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Saturday, October 24, 2015

Overdiagnosis in Some Cases?

Uncertainty is a major theme of The Politics of Autism.

At Autism, Stephen J. Blumberg and colleagues have an article titled "Diagnosis Lost: Differences Between Children Who Had and Who Currently Have an Autism Spectrum Disorder Diagnosis." The abstract:
Autism spectrum disorder diagnoses sometimes change due to misdiagnosis, maturation, or treatment. This study uses a probability-based national survey—the Survey of Pathways to Diagnosis and Services—to compare currently diagnosed (n = 1420) and previously diagnosed (n = 187) children aged 6–17 years based on retrospective parental reports of early concerns about their children’s development, responses to those concerns by doctors and other healthcare providers, the type of provider who made the first autism spectrum disorder diagnosis, and the autism spectrum disorder subtype diagnoses received (if any). Propensity score matching was used to control for differences between the groups on children’s current level of functioning and other current characteristics that may have been related to diagnosis loss. Approximately 13% of the children ever diagnosed with autism spectrum disorder were estimated to have lost the diagnosis, and parents of 74% of them believed it was changed due to new information. Previously diagnosed children were less likely to have parents with early concerns about verbal skills, nonverbal communication, learning, and unusual gestures or movements. They were also less likely to have been referred to and diagnosed by a specialist. Previously diagnosed children were less likely to have ever received a diagnosis of Asperger’s disorder or autistic disorder.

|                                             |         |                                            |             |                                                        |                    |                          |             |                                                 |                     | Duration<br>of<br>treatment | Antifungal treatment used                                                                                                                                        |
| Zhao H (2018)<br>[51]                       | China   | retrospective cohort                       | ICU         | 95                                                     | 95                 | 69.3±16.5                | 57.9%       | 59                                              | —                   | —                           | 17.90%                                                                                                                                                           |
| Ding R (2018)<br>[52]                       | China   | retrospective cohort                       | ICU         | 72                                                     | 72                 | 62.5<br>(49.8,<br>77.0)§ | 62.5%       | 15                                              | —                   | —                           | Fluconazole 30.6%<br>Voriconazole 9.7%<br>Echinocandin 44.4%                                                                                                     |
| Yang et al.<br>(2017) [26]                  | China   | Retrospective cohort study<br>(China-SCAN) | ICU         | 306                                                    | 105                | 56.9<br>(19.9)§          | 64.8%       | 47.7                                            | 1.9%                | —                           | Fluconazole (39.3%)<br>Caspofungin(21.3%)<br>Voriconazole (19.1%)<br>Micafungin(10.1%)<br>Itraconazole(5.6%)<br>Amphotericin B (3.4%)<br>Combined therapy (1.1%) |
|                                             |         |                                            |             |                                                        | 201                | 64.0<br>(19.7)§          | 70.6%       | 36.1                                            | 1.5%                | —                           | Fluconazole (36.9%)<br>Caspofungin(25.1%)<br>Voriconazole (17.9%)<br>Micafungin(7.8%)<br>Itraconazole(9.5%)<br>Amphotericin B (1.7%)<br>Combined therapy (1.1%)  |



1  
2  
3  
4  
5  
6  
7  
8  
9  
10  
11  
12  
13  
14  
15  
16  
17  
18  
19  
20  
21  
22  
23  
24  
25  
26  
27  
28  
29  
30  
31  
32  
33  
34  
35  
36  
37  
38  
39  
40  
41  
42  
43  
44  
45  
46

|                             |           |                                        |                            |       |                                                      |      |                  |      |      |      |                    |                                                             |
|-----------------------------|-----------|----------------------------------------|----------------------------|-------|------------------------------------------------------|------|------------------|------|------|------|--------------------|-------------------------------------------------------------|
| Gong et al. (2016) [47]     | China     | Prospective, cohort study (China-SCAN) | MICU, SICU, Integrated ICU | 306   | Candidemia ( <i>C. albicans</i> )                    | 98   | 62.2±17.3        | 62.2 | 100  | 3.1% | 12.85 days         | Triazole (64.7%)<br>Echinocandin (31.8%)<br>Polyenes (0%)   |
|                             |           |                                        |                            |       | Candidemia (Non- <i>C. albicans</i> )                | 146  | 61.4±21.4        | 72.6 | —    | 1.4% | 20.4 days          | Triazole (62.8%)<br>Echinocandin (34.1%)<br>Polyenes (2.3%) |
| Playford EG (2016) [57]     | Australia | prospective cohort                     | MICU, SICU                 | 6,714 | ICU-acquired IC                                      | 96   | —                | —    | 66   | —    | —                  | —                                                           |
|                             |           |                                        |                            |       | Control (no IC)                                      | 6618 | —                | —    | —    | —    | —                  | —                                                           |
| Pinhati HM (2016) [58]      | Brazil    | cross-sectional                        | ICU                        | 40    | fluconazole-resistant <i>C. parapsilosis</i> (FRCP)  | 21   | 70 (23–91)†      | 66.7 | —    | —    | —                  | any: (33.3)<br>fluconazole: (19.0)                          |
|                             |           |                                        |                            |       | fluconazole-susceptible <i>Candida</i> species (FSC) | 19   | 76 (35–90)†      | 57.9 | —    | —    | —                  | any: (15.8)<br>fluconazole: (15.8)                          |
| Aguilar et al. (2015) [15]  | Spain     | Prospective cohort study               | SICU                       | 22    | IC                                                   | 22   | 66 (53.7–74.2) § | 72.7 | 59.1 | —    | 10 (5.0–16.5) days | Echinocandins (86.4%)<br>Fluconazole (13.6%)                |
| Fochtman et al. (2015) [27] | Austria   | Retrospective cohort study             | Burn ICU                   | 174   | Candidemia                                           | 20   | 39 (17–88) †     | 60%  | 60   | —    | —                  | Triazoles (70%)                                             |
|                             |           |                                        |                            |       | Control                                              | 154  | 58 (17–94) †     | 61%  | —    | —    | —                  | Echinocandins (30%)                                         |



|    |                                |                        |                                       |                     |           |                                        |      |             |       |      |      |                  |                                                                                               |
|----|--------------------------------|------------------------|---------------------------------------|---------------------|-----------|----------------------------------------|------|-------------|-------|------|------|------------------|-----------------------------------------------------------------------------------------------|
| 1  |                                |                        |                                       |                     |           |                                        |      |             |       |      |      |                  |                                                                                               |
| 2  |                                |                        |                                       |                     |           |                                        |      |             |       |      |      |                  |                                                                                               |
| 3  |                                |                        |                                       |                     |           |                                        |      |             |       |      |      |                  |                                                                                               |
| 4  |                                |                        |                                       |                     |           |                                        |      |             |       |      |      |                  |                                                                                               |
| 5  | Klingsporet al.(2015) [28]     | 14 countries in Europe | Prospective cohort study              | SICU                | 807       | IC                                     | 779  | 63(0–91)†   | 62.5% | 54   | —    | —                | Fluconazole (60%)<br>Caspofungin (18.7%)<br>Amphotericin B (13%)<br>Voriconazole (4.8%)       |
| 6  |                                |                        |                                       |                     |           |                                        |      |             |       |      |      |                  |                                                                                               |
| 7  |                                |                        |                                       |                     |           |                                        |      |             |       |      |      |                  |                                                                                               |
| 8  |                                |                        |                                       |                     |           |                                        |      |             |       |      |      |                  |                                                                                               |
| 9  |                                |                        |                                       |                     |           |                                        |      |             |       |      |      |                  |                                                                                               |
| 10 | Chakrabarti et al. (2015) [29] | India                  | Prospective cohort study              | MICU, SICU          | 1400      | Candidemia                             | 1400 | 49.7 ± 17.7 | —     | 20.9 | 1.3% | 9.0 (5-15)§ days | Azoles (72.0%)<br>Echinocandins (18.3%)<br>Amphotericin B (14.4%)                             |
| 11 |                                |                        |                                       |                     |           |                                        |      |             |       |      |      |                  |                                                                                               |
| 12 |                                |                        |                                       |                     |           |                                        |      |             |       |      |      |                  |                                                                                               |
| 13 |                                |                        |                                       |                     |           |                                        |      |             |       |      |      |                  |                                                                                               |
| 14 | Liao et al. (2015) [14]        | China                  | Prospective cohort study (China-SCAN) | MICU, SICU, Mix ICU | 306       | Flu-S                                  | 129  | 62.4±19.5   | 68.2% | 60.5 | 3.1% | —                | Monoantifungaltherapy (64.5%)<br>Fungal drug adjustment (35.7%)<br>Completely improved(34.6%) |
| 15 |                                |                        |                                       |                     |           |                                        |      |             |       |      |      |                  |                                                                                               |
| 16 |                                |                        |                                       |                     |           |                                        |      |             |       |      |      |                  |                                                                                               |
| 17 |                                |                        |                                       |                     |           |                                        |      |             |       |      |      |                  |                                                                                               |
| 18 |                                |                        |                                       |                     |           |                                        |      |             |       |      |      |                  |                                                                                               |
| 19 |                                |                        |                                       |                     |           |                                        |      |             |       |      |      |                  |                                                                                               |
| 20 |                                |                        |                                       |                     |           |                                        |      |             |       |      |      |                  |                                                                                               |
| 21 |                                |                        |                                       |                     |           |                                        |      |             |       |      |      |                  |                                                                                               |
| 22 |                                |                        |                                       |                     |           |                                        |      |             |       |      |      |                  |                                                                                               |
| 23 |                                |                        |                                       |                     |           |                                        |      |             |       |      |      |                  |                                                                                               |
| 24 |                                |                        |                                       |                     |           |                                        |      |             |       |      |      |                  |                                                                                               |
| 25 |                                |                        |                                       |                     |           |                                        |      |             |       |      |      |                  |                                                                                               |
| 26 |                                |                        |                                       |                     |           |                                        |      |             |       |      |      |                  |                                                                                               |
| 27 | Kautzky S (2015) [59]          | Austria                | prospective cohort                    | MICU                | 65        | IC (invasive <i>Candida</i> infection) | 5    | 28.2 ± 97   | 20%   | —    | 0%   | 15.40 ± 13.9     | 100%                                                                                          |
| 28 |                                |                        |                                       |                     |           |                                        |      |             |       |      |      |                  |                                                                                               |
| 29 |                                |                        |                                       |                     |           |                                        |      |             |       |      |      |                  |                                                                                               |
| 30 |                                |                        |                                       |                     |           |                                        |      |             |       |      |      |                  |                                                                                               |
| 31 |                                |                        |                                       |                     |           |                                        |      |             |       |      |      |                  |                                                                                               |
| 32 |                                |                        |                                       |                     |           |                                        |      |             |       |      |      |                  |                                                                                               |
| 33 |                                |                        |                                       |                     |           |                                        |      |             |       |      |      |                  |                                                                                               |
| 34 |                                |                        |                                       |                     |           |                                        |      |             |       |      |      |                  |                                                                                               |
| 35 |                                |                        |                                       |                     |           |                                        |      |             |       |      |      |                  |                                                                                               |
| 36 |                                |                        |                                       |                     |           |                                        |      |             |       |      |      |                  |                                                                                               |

From the article:
Overdiagnosis may also occur if ASD diagnoses are substituted for other learning disabilities because of the availability of greater resources for treatment of ASD (Shattuck, 2006). Parents in this study confirmed that some children who reportedly did not have ASD—approximately one in four who lost their ASD diagnosis or 3% of all school-aged CSHCN ever diagnosed with ASD—were given the diagnosis due to their need for services.
Shattuck PT (2006) The contribution of diagnostic substitution to the growing administrative prevalence of autism in the US special education. Pediatrics 117(4): 1028–1037
 That observation is consistent with The Politics of Autism,  where I write:
Once parents get over their initial denial, they have strong reason to seek a diagnosis of ASD for troubled children, since it can trigger thousands of dollars in assistance. Allen Frances says: “Having the label can make the difference between being closely attended to in a class of four versus being lost in a class of 40. Kids who need special attention can often get it only if they are labeled autistic.” Roy Grinker quotes a leading scientist who also has a clinical practice: “I am incredibly disciplined in the diagnostic classifications in my research, but in my private practice, I'll call a kid a zebra if it will get him the educational services I think he needs.” 

The article has some sobering thoughts on recovery:
Few children ever diagnosed with ASD were said to have actually had and recovered from ASD. Only 21% of children with a lost diagnosis (or less than 3% of all schoolaged CSHCN ever diagnosed with ASD) were said to have lost it due to treatment or maturity. The true rate of recovery may be even smaller if some of these children were incorrectly thought by their parents or doctors to have lost their ASD because they now have well-developed coping skills and other strengths.
The authors appropriately note serious limitations to the study:
The impact of selection biases resulting from sampling, nonresponse, and lack of coverage of non-English speaking households and households without telephones is unknowable, but they are less likely to influence the magnitude of comparisons between matched pairs than absolute estimates of a population prevalence. Still, due to the low response rate, generalizing the results beyond the sample should be done with caution.
The absence of Spanish-only respondents is a serious limitation indeed, since underdiagnosis seems to be a problem among Hispanic families.

More broadly, such a study does not capture the flip side:  people who were incorrectly labeled as not having ASD.  As I write:
Bias can run in the other direction, too. If a school district does not really want to provide services, its psychologists might feel pressure to code behavior in a way that spells “normal.”